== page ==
Modern physiological and molecular biological studies have shown that enduring changes in synaptic efficacy, a process known as synaptic plasticity, is a fundamental neuronal process underlying various forms of learning and memory. Research in this area has provided useful insights into how the expression of a given type of synaptic plasticity modulates and perhaps reconfigures the activity of the neural network in which this occurs. In the brain most neurons receive multiple synaptic inputs which are potentially capable of inducing synaptic plasticity. This raises a question central to an understanding of how information is processed and stored within a given neuronal circuit, i.e., how are two or more forms of synaptic plasticity integrated at the level of a single neuron? Our work focuses on an examination of the functional properties of the interaction between distinct forms of synaptic plasticity elicited within a neuron. A neuron expressing multiple forms of synaptic plasticity might selectively encode new incoming information and, thus, dramatically modulate both the way that it filters relevant from irrelevant information as well as the way that it exports this information to other cells. We are initially addressing these questions by examining the interaction between distinct forms of synaptic plasticity elicited in different dendritic compartments within the CA1 area of the rodent hippocampus via electrophysiological determinations in vitro slices. Specifically, we ask:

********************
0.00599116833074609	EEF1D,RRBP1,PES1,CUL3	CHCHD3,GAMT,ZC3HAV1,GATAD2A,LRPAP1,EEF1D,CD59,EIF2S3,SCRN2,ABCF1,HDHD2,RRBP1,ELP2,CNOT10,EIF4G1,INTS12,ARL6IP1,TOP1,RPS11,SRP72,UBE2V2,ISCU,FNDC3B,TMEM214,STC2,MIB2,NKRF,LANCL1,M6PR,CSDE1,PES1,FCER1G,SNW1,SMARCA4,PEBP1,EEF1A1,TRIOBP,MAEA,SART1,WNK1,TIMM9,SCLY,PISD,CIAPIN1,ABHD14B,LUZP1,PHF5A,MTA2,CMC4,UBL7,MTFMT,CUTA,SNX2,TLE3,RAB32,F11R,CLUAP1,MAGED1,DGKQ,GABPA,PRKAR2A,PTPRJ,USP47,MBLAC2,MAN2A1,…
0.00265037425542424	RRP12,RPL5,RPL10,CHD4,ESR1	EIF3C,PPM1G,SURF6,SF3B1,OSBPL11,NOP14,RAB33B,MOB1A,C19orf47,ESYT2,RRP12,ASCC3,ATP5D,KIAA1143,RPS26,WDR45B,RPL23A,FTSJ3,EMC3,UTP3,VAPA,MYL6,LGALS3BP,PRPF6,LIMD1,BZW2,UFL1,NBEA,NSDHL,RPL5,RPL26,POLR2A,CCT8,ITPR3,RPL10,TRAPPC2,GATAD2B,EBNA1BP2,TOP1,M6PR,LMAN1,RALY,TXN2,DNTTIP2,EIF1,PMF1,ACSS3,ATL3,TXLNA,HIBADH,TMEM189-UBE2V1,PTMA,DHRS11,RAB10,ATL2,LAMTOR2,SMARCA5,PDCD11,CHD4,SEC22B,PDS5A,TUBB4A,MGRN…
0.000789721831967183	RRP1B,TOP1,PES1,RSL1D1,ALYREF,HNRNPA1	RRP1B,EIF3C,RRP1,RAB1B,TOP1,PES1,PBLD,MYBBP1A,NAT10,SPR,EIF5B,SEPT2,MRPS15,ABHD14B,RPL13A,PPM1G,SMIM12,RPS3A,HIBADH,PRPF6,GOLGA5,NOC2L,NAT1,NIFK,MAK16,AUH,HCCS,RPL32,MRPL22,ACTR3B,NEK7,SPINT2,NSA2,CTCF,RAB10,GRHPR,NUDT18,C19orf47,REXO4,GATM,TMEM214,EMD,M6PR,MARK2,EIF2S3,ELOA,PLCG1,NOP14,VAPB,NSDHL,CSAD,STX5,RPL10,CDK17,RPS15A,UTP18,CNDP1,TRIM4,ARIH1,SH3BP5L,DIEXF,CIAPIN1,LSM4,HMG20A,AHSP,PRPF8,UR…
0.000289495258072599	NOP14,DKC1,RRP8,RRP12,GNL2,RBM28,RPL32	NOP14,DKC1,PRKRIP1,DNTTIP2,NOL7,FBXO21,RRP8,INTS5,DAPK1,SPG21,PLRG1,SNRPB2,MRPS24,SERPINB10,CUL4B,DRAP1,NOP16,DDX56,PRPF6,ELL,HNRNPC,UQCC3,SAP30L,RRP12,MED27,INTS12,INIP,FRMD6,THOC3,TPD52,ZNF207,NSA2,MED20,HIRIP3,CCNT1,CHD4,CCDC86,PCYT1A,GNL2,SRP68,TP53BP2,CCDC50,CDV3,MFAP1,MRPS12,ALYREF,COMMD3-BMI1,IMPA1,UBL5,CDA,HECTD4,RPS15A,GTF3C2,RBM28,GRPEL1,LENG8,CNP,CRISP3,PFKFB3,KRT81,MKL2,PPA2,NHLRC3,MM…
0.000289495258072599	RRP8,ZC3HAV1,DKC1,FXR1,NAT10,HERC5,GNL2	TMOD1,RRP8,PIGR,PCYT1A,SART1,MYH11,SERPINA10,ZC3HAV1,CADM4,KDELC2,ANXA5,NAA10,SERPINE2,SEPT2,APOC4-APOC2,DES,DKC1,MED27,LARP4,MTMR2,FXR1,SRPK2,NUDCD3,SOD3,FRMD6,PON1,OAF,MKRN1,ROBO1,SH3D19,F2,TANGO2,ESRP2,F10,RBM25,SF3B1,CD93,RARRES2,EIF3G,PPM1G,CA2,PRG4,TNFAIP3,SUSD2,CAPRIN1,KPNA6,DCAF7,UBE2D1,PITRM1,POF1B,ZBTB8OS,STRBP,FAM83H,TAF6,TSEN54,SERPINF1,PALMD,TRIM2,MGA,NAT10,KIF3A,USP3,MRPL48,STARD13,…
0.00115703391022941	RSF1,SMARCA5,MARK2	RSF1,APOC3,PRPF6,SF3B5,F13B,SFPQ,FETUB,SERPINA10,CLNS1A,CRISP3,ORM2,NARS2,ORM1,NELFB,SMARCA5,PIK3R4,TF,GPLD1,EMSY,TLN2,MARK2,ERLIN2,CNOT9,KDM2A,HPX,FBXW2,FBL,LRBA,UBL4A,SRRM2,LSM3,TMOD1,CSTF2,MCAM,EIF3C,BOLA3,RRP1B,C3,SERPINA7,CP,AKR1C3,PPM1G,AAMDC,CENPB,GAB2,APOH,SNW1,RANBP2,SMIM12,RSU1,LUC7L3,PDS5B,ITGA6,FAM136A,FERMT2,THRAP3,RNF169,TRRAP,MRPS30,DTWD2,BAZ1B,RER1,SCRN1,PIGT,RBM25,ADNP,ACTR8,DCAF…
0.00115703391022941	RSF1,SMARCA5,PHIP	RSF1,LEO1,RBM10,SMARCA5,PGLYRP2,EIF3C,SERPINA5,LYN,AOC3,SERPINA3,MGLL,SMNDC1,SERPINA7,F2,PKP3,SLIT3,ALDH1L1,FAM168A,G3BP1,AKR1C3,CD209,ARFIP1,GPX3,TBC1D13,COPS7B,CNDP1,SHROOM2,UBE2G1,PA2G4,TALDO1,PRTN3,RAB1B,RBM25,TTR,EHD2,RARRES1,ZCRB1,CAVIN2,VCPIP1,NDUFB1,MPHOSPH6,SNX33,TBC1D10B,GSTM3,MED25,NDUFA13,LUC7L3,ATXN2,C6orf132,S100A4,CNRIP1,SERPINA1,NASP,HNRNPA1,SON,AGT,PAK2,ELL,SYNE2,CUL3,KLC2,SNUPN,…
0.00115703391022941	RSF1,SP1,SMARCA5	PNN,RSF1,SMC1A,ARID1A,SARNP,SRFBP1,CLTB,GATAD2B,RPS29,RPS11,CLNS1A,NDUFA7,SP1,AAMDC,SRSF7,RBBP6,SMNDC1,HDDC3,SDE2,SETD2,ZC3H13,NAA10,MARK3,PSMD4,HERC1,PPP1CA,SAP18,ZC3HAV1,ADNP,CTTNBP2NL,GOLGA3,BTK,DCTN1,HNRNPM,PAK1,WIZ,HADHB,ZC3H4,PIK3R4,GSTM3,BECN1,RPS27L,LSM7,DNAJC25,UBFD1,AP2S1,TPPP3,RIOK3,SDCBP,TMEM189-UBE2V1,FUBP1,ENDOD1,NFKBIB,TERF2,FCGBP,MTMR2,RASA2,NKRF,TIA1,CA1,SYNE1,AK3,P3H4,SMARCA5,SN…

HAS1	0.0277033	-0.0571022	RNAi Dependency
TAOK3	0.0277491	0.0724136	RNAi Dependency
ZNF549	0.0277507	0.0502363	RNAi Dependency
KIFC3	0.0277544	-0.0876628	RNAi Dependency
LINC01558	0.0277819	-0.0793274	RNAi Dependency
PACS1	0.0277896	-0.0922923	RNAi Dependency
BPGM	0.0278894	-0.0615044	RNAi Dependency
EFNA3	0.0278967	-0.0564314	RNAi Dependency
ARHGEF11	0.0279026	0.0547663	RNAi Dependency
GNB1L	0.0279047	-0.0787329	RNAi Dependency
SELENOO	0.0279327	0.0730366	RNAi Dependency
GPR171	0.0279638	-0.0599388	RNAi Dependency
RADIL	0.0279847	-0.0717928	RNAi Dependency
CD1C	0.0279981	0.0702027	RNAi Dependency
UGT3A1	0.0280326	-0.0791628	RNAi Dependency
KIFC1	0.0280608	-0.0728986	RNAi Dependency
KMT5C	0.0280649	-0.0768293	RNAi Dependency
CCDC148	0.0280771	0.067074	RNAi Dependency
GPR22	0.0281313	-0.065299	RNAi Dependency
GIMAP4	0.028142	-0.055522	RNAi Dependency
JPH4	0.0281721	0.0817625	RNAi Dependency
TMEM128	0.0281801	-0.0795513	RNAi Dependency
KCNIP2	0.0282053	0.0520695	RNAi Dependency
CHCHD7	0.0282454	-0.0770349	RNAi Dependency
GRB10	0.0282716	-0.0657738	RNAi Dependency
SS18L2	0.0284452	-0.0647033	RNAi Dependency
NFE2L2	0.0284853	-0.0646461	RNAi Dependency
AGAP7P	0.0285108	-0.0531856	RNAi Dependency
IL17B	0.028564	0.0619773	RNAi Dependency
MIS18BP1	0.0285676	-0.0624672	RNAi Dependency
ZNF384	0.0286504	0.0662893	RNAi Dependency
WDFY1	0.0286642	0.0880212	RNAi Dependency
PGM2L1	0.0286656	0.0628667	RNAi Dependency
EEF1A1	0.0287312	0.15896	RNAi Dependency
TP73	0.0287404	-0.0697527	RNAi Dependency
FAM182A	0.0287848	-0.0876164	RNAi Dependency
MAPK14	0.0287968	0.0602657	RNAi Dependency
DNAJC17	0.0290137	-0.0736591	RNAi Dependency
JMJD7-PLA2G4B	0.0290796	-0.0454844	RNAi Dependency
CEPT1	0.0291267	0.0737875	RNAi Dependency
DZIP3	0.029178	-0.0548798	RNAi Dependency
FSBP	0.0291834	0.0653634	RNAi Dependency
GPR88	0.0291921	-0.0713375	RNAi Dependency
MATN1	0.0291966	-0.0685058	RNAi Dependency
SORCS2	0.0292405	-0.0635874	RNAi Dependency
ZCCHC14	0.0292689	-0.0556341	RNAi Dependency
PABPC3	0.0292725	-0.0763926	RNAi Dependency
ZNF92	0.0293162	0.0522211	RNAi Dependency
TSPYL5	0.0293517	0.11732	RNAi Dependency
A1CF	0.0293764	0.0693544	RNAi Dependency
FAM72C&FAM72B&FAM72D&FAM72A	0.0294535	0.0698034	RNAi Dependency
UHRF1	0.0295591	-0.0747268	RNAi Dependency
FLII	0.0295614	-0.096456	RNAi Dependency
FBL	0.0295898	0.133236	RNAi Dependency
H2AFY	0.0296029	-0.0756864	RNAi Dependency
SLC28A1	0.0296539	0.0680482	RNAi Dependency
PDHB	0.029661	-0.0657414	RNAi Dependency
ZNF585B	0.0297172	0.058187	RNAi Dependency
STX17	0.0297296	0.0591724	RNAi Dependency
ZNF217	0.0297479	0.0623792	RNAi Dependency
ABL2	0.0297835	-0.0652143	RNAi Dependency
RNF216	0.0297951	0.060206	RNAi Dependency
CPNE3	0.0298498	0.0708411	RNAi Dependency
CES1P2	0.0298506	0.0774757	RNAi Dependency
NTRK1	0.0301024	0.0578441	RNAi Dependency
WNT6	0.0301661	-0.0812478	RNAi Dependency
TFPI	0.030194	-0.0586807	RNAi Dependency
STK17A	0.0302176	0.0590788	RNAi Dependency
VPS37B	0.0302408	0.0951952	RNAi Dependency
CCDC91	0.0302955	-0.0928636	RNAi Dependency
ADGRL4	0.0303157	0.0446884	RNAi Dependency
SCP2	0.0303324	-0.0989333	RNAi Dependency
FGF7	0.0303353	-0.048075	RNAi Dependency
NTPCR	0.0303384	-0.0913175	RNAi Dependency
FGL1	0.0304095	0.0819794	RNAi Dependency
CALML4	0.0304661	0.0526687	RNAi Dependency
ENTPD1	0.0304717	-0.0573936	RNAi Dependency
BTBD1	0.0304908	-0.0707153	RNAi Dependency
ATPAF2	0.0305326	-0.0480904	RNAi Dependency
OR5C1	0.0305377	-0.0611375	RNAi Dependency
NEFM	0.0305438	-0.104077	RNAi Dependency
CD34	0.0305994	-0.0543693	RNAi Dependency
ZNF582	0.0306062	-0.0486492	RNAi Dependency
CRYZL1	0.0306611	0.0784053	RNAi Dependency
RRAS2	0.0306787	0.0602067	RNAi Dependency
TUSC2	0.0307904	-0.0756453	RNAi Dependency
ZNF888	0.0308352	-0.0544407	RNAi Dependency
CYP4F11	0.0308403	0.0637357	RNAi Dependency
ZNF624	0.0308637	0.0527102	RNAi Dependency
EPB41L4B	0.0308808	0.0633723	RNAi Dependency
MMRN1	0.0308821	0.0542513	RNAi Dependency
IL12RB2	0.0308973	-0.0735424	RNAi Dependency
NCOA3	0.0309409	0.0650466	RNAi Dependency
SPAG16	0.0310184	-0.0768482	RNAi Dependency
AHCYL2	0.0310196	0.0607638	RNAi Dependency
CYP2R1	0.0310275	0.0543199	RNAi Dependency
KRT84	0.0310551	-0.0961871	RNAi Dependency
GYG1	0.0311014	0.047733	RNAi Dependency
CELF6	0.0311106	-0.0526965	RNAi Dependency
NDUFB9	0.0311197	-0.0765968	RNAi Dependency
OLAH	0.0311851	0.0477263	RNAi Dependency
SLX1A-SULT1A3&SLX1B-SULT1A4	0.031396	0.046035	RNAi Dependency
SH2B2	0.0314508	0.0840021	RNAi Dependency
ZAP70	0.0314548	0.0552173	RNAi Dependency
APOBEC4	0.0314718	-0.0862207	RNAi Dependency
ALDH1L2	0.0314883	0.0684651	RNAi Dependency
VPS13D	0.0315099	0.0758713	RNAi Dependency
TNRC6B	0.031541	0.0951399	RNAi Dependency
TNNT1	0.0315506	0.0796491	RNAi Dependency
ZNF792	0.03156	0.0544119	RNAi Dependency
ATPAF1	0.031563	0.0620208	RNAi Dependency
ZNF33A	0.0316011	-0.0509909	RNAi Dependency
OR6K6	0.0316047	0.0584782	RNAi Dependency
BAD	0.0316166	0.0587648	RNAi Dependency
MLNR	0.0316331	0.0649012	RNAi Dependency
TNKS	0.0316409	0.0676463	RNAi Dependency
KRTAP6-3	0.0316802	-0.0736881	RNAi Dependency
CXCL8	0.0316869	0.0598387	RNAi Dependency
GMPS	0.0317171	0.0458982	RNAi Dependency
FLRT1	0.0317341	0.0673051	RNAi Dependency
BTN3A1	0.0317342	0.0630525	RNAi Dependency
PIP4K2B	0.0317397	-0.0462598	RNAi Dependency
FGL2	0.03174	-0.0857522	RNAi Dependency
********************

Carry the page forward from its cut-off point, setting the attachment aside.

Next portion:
1) How does a neuron integrate various forms of synaptic plasticity elicited in multiple synapses?
2) What are the cellular and molecular mechanisms underlying this process?
3) What impact does this process have on signal integration at neuronal and network level?
4) And, most importantly, is this process relevant for the encoding of memories?
We expect to obtain insights into the functional significance of specific synaptic plasticity associations or interactions between synaptic inputs arriving from different brain regions. The understanding of the rules that result in the prevalence or dismissal of certain forms of synaptic plasticity within a neuron could provide additional insights into the cellular basis of learned behavior.